There are a number of companies aiming to develop offshore wind energy off the Irish coast and some of the larger ones would be ESB, SSE Renewables, Energia, Statkraft and RWE. Is there scope for community involvement in offshore wind? The IWEA says that from the early stages of a project, the wind farm developer "should be engaging with the local community to inform them about the project, answer their questions and listen to their concerns". It says this provides the community with "the opportunity to work with the developer to help shape the final layout and design of the project". Listening to fishing industry concerns, and how fishermen may be affected by survey works, construction and eventual operation of a project is "of particular concern to developers", the IWEA says. It says there will also be a community benefit fund put in place for each project. It says the final details of this will be addressed in the design of the RESS (see below) for offshore wind but it has the potential to be "tens of millions of euro over the 15 years of the RESS contract". The Government is also considering the possibility that communities will be enabled to invest in offshore wind farms though there is "no clarity yet on how this would work", the IWEA says.

Based on current plans, it would amount to around 12 GW of offshore wind energy. However, the IWEA points out that is unlikely that all of the projects planned will be completed. The industry says there is even more significant potential for floating offshore wind off Ireland's west coast and the Programme for Government contains a commitment to develop a long-term plan for at least 30 GW of floating offshore wind in our deeper waters.

There are many different models of turbines. The larger a turbine, the more efficient it is in producing electricity at a good price. In choosing a turbine model the developer will be conscious of this ,but also has to be aware the impact of the turbine on the environment, marine life, biodiversity and visual impact. As a broad rule an offshore wind turbine will have a tip-height of between 165m and 215m tall. However, turbine technology is evolving at a rapid rate with larger more efficient turbines anticipated on the market in the coming years.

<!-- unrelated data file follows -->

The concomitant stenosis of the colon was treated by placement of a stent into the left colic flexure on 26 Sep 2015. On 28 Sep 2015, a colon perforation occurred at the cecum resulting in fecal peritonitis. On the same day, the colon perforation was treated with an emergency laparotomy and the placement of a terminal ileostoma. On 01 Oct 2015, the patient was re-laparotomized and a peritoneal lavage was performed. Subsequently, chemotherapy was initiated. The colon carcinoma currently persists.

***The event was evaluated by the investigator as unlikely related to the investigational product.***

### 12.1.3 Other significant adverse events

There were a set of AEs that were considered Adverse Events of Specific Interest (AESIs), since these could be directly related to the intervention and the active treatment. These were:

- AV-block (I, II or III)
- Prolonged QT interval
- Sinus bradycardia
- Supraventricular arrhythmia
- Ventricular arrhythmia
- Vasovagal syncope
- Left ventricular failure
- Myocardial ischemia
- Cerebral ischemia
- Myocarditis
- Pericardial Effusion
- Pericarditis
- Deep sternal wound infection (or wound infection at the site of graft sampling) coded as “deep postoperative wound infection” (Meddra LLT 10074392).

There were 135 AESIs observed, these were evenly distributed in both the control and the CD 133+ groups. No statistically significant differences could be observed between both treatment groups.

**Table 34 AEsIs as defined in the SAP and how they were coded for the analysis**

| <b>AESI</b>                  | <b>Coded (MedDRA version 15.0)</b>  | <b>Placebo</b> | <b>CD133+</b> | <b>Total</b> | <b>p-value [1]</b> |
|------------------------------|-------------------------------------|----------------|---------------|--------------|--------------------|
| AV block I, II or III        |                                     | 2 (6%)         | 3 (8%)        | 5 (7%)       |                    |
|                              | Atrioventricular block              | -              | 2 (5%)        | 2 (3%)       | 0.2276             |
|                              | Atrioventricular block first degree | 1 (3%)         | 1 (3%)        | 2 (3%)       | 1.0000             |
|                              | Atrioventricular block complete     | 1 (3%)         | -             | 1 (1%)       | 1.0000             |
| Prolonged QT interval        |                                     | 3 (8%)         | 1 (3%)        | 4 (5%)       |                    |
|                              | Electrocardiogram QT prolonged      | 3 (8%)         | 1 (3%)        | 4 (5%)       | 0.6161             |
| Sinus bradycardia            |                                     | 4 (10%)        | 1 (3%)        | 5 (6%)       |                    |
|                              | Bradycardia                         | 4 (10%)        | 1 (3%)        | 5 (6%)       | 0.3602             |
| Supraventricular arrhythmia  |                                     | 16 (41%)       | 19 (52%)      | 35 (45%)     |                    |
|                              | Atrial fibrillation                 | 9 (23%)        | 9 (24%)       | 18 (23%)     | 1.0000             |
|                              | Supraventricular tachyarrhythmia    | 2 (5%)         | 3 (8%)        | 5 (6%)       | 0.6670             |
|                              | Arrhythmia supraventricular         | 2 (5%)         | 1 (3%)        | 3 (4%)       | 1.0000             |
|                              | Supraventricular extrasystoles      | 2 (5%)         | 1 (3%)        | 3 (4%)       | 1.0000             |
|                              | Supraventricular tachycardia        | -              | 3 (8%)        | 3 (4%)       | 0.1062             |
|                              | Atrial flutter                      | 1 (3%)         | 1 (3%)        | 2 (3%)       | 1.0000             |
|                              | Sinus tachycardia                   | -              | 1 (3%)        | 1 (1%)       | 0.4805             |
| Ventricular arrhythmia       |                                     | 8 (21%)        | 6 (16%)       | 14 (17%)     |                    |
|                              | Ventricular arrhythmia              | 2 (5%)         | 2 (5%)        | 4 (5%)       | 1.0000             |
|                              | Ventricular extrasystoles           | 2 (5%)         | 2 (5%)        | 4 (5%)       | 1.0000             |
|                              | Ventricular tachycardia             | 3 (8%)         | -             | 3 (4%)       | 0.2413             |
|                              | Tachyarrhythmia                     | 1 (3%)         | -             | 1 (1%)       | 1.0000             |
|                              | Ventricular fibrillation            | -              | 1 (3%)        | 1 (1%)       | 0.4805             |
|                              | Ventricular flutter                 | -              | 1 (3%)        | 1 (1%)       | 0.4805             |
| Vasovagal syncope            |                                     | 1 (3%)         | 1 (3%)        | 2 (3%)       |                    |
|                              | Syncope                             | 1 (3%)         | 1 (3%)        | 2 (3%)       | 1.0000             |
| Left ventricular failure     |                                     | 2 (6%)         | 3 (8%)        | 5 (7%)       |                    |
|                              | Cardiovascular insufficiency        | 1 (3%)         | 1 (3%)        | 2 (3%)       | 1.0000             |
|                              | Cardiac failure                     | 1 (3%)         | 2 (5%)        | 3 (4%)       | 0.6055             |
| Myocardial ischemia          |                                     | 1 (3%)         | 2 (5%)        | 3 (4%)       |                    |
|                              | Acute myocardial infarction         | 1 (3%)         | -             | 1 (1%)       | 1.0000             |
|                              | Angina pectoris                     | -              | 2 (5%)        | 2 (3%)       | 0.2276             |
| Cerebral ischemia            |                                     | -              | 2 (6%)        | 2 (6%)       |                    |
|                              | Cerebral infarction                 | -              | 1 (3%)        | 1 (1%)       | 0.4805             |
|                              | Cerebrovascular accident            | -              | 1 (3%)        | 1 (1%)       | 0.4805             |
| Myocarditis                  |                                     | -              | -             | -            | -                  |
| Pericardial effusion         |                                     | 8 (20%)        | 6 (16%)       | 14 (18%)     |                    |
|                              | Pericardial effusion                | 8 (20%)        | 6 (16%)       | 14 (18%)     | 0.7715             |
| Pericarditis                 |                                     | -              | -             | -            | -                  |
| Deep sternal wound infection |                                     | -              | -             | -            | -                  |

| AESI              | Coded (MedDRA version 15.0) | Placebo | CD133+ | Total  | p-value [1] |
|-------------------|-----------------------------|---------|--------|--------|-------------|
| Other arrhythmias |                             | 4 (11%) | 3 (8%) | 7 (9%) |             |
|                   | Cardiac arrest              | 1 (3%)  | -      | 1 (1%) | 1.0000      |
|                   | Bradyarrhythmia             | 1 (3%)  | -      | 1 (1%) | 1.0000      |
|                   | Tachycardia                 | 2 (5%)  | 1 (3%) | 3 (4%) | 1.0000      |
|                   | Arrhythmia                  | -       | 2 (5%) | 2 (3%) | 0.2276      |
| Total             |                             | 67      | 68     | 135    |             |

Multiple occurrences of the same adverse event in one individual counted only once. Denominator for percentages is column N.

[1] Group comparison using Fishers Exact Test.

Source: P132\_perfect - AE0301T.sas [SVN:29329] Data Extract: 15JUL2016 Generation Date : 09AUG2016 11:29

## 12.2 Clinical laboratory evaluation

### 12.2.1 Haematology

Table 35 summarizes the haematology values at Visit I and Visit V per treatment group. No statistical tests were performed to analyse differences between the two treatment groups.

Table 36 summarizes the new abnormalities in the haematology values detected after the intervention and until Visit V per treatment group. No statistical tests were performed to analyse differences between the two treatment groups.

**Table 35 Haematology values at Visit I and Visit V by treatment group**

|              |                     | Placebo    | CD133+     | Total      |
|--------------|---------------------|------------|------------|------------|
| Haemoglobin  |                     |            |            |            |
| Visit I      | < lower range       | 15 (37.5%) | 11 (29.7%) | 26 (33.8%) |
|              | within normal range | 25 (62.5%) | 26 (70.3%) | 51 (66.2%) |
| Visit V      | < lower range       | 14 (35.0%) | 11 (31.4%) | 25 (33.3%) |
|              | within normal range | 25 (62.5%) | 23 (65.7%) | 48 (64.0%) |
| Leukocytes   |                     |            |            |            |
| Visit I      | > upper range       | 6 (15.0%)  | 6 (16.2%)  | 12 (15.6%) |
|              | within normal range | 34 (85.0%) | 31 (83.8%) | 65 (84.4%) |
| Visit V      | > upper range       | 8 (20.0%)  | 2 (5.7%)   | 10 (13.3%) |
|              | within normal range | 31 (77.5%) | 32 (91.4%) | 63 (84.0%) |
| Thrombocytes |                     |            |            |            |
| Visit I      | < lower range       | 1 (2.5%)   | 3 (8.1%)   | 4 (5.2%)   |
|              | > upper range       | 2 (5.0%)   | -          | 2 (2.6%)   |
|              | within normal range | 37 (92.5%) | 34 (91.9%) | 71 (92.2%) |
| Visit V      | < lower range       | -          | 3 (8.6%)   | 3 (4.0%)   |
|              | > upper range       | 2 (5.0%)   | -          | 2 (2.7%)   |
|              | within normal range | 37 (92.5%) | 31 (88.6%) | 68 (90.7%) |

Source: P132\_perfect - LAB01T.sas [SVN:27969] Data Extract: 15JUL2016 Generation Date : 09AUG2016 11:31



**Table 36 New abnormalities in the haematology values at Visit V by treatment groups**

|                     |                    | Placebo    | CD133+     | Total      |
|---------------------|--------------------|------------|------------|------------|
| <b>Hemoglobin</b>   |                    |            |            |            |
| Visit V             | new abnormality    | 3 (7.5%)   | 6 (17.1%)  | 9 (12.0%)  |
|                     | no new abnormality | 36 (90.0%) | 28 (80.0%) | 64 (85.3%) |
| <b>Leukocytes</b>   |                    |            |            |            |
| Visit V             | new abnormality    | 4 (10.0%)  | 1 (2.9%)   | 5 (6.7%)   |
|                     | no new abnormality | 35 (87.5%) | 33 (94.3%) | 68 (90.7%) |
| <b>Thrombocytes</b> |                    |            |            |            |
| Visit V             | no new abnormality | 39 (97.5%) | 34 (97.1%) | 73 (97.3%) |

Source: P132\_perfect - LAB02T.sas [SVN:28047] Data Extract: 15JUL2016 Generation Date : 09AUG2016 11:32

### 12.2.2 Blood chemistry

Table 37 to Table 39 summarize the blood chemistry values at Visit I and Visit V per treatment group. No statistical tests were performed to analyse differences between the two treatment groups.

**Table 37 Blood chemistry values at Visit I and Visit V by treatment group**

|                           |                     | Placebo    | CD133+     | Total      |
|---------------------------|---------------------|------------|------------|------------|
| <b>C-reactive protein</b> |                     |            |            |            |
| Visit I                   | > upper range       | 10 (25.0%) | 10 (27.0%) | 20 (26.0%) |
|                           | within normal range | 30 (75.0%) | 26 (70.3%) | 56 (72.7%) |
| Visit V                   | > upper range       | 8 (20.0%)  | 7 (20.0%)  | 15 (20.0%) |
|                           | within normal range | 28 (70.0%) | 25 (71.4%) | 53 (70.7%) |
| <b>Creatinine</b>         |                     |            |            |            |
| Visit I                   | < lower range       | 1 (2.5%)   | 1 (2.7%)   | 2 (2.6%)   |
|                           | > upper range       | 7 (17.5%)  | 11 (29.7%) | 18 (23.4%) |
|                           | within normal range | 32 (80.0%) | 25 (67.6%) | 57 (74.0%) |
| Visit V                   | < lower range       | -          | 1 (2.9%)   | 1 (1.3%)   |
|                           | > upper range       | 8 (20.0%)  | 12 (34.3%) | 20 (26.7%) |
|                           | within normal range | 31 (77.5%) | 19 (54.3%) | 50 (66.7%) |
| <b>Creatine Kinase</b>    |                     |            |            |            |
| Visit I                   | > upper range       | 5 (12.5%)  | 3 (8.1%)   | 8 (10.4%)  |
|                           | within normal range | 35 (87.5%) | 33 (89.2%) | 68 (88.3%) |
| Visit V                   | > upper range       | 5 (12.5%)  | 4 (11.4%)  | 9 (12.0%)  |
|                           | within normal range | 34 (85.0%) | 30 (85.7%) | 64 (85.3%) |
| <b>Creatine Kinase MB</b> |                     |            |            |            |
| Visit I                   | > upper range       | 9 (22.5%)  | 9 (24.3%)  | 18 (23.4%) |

The Renewable Electricity Support Scheme is designed to support the development of renewable energy projects in Ireland. Under the scheme wind farms and solar farms compete against each other in an auction with the projects which offer power at the lowest price awarded contracts. These contracts provide them with a guaranteed price for their power for 15 years. If they obtain a better price for their electricity on the wholesale market they must return the difference to the consumer.

Yes. The first auction for offshore renewable energy projects is expected to take place in late 2021.

Cost is one difference, and technology is another. Floating wind farm technology is relatively new, but allows use of deeper water. Ireland's 50-metre contour line is the limit for traditional bottom-fixed wind farms, and it is also very close to population centres, which makes visibility of large turbines an issue - hence the attraction of floating structures Do offshore wind farms pose a navigational hazard to shipping? Inshore fishermen do have valid concerns. One of the first steps in identifying a site as a potential location for an offshore wind farm is to identify and assess the level of existing marine activity in the area and this particularly includes shipping. The National Marine Planning Framework aims to create, for the first time, a plan to balance the various kinds of offshore activity with the protection of the Irish marine environment. This is expected to be published before the end of 2020, and will set out clearly where is suitable for offshore renewable energy development and where it is not - due, for example, to shipping movements and safe navigation.